They believe that globalization argument as been exaggerated. They argue that international economies have been trading with each other for centuries and globalization is not a new phenomenon heading towards a single global economy. International financial flows are the same value now as they were a century ago. (Held, p110, 2002). To Internationalist’s, globalization is a debate rather than a self-evident reality. ‘Globalization is not an inexorable, unified and irreversible process, but is constructed by globalists and transformationalists as an explanation of certain economic effects’.
( Brah et al. ,1999 p8 in ‘a globalising world? culture, economics, politics’, p111). One area that the internationalists believe has been misunderstood is the concept of multi-national corporations. Although MNC’s spread production across many countries they usually maintain a clear national base. Honda regarded as a major international company still sells two thirds of its cars in Japan. True international companies maybe more accurately described as trans-national corporations and there may only be a handful e. g.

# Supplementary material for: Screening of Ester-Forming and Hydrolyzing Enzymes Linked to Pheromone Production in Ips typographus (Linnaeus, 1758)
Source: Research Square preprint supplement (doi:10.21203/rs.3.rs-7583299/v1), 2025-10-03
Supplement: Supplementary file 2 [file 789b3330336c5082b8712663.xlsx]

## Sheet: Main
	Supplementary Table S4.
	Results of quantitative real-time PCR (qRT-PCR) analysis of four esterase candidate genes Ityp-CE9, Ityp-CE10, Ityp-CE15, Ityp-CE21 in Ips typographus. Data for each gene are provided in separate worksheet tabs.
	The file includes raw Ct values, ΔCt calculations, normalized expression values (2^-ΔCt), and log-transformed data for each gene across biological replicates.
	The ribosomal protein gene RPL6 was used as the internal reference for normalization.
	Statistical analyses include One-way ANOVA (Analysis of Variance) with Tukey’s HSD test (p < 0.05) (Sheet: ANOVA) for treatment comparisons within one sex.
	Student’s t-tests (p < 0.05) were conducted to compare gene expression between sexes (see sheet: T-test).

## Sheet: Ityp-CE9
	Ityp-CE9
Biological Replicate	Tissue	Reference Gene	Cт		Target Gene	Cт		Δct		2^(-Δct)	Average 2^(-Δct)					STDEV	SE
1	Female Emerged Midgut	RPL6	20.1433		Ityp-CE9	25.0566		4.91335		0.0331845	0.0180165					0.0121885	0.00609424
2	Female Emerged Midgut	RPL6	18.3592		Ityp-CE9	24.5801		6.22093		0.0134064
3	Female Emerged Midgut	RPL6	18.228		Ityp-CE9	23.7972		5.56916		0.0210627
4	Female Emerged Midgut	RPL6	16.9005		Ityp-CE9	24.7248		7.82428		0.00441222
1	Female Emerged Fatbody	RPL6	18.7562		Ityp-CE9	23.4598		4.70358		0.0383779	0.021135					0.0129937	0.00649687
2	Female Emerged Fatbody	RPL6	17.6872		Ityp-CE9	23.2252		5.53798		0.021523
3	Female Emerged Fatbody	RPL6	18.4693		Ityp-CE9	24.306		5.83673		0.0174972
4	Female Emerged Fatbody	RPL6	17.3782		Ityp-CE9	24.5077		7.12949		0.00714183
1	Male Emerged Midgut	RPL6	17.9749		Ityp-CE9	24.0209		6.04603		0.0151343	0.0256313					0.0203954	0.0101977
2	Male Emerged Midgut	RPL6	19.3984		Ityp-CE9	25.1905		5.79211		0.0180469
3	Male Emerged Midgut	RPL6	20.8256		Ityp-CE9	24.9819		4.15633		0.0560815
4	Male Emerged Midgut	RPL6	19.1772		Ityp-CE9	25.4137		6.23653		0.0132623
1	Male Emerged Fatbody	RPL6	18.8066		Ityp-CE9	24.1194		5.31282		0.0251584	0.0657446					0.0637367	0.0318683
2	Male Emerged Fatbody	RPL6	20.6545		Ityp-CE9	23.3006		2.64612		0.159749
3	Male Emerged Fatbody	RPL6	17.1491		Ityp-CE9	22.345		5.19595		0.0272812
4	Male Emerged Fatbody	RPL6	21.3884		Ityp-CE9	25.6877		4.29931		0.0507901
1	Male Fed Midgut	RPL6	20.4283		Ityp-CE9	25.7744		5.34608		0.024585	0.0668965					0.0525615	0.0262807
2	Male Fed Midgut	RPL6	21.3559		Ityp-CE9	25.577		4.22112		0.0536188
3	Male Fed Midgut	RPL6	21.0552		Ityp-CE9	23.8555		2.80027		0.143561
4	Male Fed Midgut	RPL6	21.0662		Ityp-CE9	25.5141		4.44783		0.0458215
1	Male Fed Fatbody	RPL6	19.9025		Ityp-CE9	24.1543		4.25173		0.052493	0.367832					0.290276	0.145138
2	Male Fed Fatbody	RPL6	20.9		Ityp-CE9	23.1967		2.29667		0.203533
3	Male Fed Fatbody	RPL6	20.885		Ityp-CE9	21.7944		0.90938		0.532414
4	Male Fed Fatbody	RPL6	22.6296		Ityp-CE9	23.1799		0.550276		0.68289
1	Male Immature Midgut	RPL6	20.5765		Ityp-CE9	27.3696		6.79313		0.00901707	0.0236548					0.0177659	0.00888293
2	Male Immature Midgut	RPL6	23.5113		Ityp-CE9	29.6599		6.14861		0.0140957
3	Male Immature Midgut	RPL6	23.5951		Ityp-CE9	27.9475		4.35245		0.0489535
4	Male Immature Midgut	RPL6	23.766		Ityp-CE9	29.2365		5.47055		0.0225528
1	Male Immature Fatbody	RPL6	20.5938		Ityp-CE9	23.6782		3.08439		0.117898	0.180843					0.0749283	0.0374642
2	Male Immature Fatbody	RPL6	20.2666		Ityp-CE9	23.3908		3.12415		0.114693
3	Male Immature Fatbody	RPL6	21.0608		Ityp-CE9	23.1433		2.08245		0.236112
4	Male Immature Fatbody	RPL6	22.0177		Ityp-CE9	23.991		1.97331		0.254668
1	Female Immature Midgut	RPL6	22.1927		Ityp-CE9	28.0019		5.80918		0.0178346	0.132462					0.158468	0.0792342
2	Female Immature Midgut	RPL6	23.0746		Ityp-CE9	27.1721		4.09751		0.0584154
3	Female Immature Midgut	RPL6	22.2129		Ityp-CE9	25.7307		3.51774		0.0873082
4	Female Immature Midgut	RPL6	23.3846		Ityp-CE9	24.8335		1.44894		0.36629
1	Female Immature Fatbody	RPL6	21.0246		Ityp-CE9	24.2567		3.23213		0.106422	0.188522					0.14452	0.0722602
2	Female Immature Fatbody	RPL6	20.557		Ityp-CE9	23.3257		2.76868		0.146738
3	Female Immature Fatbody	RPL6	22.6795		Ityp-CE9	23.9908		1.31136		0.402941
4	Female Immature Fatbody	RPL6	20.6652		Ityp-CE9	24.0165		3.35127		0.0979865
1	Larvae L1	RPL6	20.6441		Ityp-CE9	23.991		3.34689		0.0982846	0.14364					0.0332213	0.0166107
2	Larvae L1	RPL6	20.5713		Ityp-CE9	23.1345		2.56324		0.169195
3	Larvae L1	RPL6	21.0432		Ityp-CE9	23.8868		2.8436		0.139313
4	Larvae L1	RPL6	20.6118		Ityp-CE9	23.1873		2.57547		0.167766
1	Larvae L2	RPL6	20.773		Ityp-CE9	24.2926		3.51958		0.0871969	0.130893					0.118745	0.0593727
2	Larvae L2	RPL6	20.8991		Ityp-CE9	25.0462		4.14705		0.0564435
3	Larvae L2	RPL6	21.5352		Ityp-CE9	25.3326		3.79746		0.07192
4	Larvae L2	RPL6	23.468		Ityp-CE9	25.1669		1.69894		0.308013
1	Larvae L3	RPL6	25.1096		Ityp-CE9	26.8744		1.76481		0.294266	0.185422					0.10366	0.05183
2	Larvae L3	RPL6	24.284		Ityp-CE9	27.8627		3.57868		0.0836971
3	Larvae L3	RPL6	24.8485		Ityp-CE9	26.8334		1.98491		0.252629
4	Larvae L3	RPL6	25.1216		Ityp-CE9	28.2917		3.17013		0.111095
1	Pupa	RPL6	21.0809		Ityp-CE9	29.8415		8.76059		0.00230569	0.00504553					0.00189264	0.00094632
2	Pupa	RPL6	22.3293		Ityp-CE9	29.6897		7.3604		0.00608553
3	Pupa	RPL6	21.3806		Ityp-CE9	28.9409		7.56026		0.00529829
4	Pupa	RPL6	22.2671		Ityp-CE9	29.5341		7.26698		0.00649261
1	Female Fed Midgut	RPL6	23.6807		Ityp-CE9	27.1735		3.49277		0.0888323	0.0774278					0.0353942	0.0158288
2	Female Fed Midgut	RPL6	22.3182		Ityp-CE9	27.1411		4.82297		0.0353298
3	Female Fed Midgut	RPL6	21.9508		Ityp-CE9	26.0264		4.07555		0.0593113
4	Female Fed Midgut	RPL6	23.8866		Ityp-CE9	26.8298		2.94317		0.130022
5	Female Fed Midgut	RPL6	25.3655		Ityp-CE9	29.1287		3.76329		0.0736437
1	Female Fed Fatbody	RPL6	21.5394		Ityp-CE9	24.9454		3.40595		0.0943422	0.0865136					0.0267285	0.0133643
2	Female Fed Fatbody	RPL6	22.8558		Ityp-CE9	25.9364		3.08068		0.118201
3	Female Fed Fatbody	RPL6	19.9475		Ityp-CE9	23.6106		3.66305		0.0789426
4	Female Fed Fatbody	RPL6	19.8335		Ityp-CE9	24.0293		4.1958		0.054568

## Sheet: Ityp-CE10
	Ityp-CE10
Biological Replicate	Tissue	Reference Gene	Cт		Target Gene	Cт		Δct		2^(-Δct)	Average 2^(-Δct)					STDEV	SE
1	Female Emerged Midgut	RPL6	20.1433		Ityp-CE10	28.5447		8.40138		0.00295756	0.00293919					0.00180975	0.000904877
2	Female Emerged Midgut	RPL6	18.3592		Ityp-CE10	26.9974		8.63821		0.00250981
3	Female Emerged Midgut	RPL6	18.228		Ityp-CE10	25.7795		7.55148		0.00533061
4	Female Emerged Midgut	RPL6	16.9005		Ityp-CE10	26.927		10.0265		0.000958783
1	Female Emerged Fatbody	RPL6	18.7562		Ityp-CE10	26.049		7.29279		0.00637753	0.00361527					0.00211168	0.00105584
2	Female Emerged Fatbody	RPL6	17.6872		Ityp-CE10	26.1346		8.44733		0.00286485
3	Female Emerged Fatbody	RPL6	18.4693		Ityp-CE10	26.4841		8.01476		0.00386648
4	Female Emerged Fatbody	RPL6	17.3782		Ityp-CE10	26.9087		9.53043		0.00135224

News Corporation (Thompson, 2000 in a globalising world? culture, economics, politics’, p117) Internationalists share the concerns of many pessimistic globalists that current developments favour the rich northern countries particularly G8 countries. Moves towards liberalization of international trade are only accepted by wealthy countries if it is in there national interests to do so. In 1999 almost all developing countries imports increased faster than their exports (UNCTAD, 2002, Chapter 3 in a globalising world? culture, economics, politics’, p119).